Yes. They both (independently mind you – I am aggregating their various conversations over the last few years) reckon that in the 1990’s they used to see it in 1/500 or 1/1000 kids (so that’s 0.2 – 0.1%), but they both also now say it is closer to 1/500 in general. Still in the 0.2% range, but you know that’s 0.2% based on a small sample size of almost exclusively decile 1 and 2 schools in 2 towns that if I said their names many here would say “oh, duh!” (or something equally rude). So you can probably average that nationwide to a much much lower percentage (maybe 0.1 or 0.05%) based on the general spread of the NZ population (quick calculation there, may be wrong on the actual %)

    Calendar girl @ 4:24 pm

    “Why is it that murder and rape are referred to so readily as being different from or more serious than other criminal acts? There are crimes equally savage, often with serious ongoing consequences for victims, that should equally qualify youth offenders for Court appearances, and for imprisonment if convicted. Yet by regularly categorising murder and rape as the ultimate in serious crime, we tend to trivialise other abominations.”

    Agree. But we need to start somewhere and, as I am very sure you will agree; murder and rape are the most abhorrent (perhaps along with “torture”) crimes we have. It is baby steps to start with these, but (i believe) it will yield immense rewards and then we can start to address the [slightly] lesser evils that are still very detrimental to a good and functioning society.

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  18. nasska (11,478 comments) says:

    Pharmachick

    Thank you. I thought it would be higher but the trouble these little buggers will cause further down the track would justify the costs of early intervention. I do wonder, however, in these PC times where “rights” trump all how those most in need could be targeted.

    Calendar Girl

    I doubt that most people who identify murder & rape as the most heinous crimes necessarily downgrade manslaughter & grievous assault. It’s more the reaction to being interrogated by dogooders intent on destroying any arguments suggesting introduction of meaningful punishments. Hesitate & give a considered answer & the socialists will interpret the hiatus as doubt & take the chance to move on to the next whacko item on the agenda.

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  19. MT_Tinman (3,184 comments) says:

    “So boot camps are wrong, prisons are wrong, for that group, and any other form of hanging out together, because essentially what you learn is a lot of new tricks.”

    I can think of one form of “hanging out together” that won’t teach them new tricks.

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  20. aitkenmike (94 comments) says:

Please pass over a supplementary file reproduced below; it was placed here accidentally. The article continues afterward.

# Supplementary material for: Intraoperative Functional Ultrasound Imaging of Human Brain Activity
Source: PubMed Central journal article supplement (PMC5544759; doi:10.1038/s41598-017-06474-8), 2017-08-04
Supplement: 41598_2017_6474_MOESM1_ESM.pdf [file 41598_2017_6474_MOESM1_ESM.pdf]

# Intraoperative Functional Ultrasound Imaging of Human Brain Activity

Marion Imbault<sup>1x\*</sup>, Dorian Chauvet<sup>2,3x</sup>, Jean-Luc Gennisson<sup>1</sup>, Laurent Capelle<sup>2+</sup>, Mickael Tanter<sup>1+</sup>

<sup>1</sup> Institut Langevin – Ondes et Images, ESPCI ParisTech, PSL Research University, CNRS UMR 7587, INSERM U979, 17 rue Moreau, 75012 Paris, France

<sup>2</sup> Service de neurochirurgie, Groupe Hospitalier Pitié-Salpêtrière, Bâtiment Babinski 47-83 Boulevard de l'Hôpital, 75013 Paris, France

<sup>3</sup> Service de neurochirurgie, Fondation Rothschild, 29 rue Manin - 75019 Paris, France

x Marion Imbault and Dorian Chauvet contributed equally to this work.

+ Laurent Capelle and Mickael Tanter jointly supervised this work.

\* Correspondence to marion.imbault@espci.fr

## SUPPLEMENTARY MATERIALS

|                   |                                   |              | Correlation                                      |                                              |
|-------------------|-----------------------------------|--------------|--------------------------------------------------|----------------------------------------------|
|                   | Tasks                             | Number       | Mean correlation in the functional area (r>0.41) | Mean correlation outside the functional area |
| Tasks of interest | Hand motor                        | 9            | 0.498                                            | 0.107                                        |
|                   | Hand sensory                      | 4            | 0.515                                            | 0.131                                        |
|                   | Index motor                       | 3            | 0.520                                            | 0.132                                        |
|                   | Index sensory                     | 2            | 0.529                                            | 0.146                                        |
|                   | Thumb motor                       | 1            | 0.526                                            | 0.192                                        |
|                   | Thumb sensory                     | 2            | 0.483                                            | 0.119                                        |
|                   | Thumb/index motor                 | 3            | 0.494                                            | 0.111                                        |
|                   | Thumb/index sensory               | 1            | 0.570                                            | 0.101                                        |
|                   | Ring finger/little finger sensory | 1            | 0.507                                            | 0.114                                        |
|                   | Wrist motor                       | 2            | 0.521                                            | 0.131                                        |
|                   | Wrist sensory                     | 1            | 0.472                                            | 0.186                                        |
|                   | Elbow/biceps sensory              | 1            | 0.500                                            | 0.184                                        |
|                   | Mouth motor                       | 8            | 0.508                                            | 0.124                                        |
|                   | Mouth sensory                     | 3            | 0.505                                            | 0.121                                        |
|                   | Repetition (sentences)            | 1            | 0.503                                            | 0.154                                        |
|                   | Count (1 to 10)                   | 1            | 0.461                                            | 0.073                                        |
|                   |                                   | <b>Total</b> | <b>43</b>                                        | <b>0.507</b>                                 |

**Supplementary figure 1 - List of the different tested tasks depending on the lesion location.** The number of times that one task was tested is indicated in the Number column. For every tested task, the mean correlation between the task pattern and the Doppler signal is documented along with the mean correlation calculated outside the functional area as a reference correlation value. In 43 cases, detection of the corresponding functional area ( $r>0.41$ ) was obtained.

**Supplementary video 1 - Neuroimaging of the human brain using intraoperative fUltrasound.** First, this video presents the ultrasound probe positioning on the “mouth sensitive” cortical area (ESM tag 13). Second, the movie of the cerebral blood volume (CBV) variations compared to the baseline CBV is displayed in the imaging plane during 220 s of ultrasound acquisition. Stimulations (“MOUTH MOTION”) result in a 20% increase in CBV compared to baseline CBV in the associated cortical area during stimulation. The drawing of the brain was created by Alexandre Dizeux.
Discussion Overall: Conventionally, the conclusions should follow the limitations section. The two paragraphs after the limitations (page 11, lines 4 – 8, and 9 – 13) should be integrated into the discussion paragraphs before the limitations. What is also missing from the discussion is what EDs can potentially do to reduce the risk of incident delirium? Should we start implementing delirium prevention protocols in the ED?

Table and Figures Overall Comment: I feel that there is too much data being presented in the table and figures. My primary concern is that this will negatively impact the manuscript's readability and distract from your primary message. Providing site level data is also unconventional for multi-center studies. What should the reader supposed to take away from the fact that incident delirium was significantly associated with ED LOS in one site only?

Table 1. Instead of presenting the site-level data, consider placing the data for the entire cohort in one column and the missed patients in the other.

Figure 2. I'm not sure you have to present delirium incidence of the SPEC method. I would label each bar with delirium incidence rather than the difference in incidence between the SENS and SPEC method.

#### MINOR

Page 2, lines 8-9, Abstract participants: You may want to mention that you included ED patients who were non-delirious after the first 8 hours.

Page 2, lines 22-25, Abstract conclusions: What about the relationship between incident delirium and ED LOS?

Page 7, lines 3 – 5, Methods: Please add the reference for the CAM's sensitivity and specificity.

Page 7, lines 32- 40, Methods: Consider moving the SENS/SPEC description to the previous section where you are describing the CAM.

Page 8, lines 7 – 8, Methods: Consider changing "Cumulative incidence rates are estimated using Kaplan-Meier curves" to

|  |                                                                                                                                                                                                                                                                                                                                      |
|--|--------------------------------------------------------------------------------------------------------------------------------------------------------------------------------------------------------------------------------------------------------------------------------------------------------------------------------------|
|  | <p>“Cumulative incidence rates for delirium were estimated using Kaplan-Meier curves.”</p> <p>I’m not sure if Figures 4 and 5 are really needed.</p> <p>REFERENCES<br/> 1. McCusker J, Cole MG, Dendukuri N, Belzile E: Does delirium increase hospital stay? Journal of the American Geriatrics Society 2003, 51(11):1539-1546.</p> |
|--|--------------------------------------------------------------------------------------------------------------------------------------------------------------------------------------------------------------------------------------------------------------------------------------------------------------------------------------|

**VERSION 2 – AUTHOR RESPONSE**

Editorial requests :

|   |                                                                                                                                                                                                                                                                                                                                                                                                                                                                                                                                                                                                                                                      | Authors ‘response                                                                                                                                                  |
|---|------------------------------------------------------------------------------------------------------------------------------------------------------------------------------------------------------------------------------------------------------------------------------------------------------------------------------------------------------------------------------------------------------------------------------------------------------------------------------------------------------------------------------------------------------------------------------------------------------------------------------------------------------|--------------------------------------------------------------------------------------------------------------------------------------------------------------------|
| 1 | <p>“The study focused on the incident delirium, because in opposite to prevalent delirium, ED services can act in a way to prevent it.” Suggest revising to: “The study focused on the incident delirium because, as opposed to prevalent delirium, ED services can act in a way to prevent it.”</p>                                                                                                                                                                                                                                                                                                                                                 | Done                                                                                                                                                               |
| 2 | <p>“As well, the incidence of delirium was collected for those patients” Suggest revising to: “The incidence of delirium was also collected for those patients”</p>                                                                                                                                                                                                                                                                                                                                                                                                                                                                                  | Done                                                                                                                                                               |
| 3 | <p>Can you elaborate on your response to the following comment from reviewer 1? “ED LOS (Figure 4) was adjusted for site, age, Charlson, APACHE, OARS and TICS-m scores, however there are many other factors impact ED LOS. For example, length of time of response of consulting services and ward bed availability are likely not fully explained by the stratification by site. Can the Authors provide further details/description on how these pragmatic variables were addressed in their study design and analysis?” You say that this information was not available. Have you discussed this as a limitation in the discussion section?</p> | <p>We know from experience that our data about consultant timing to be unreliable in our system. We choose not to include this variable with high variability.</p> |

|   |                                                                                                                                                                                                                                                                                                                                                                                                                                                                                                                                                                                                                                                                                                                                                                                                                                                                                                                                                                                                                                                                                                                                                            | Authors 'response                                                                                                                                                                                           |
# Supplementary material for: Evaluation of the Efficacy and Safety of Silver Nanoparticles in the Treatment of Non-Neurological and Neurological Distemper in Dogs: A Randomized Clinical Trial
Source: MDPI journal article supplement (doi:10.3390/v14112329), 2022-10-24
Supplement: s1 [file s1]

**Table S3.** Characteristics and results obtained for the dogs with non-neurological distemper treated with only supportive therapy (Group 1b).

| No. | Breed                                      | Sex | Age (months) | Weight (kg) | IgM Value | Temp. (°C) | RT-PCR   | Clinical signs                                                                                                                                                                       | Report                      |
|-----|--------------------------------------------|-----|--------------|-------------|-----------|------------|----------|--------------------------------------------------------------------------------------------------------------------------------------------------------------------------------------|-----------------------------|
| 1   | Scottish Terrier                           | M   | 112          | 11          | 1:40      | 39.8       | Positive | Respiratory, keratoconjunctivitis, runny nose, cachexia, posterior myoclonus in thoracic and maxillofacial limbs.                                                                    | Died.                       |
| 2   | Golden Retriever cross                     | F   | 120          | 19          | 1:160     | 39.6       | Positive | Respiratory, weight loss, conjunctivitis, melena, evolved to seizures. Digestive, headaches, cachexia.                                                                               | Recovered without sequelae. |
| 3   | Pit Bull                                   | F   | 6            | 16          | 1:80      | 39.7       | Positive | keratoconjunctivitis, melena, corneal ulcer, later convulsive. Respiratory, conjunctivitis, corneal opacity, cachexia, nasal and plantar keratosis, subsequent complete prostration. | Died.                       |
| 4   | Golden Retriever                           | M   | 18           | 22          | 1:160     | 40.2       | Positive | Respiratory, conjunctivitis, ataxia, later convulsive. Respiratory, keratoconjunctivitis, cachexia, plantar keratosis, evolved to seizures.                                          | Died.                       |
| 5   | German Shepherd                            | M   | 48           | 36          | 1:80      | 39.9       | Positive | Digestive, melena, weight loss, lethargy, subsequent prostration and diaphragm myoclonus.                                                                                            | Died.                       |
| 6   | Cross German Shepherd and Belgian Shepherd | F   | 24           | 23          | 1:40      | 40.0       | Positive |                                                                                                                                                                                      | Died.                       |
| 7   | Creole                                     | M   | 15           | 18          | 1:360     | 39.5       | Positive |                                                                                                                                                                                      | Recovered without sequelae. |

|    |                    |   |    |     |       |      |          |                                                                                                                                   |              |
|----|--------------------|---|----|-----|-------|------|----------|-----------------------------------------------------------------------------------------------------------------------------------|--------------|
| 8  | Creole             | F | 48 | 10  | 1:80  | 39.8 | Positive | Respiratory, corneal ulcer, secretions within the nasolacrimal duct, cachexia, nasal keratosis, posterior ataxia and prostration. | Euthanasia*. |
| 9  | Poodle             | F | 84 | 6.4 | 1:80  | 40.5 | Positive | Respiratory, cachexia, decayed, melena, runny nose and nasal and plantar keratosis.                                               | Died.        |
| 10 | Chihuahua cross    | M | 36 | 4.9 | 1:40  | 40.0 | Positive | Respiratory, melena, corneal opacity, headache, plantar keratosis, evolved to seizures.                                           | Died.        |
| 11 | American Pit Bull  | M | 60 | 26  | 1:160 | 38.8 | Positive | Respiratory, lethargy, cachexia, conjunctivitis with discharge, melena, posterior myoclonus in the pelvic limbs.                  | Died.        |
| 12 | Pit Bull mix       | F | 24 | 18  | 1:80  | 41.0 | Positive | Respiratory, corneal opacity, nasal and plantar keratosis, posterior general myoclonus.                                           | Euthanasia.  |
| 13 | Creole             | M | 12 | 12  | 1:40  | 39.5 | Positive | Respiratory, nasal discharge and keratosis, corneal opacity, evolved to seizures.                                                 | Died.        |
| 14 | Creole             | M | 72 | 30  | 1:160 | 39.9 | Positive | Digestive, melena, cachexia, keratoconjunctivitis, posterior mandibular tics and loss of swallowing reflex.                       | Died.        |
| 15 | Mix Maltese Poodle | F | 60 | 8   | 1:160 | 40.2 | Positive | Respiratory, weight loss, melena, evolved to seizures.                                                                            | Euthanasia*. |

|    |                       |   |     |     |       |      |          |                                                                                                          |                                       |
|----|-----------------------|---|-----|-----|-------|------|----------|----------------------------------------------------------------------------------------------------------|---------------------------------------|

@ Scot Chris:

    I acknowledge that in some cases you may be right, but there are some kids that are really just evil. A guy my age who came from a good family with 2 working parents, and siblings who have gone onto to university education and solid careers was bullying kids in the sandpit at playschool at 4, was cutting people with the blade from a pencil sharpener at 7, excluded from primary school at 9, and had escaped from a couple of youth prisons and gone on armed robbery sprees by 16.

    They are very rare, but they are out there.

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  21. Viking2 (11,467 comments) says:

    http://media.smh.com.au/news/world-news/naked-man-steals-socks-from-walmart-store-3052862.html

    They are out there!

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  22. Griff (7,683 comments) says:

    When you are down the local shops and you here a fifteen year old tell a six year old girl
    Do that again and I wiill f@@@ you up the a@@@
    Or meet a solo mum who is educating her children with such pearls of wisdom as, It does not matter if you get nabed you are to young to be prosecuted
    These are like a lot of the incorrigible children it reflects the values the family instill on them.

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  23. backster (2,171 comments) says:

    I don’t know that a study restricted to the Dunedin of 40 years ago would be of little value and have no more than academic interest to the present day city of Dunedin let alone the rest of NZ. I would imagine that most Youth Offenders Nationally are aligned to gangs, I am all for giving them a chance the first time, but after that the punishment should fit the crime.

    INKY “Most people in prison are more a nuisance to society than a threat to it”…………….Nonsense. They virtually all fall into the categories for which you say they should be imprisoned.

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  24. Paulus (2,626 comments) says:

    Something like 45 years ago my sister was a primary teacher in a school near Kings Cross in London.
    She said then she could see in their primary years which boys would be in jail as teenagers, and which girls would be on the game as teenagers
    Is it so different today ? More freedom today perhaps.

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  25. centreforward (32 comments) says:

    If we’re serious about combatting youth crime then we need to get young people into productive work, training or education. In addition we need to do more to combat the causes of crime and poverty: family breakdown – sole parent households, unemployment, gangs, alcohol and drug abuse. The government that has the guts to tackle these issues is the government that will turn back the rising tide of rising crime, poverty and social disadvantage.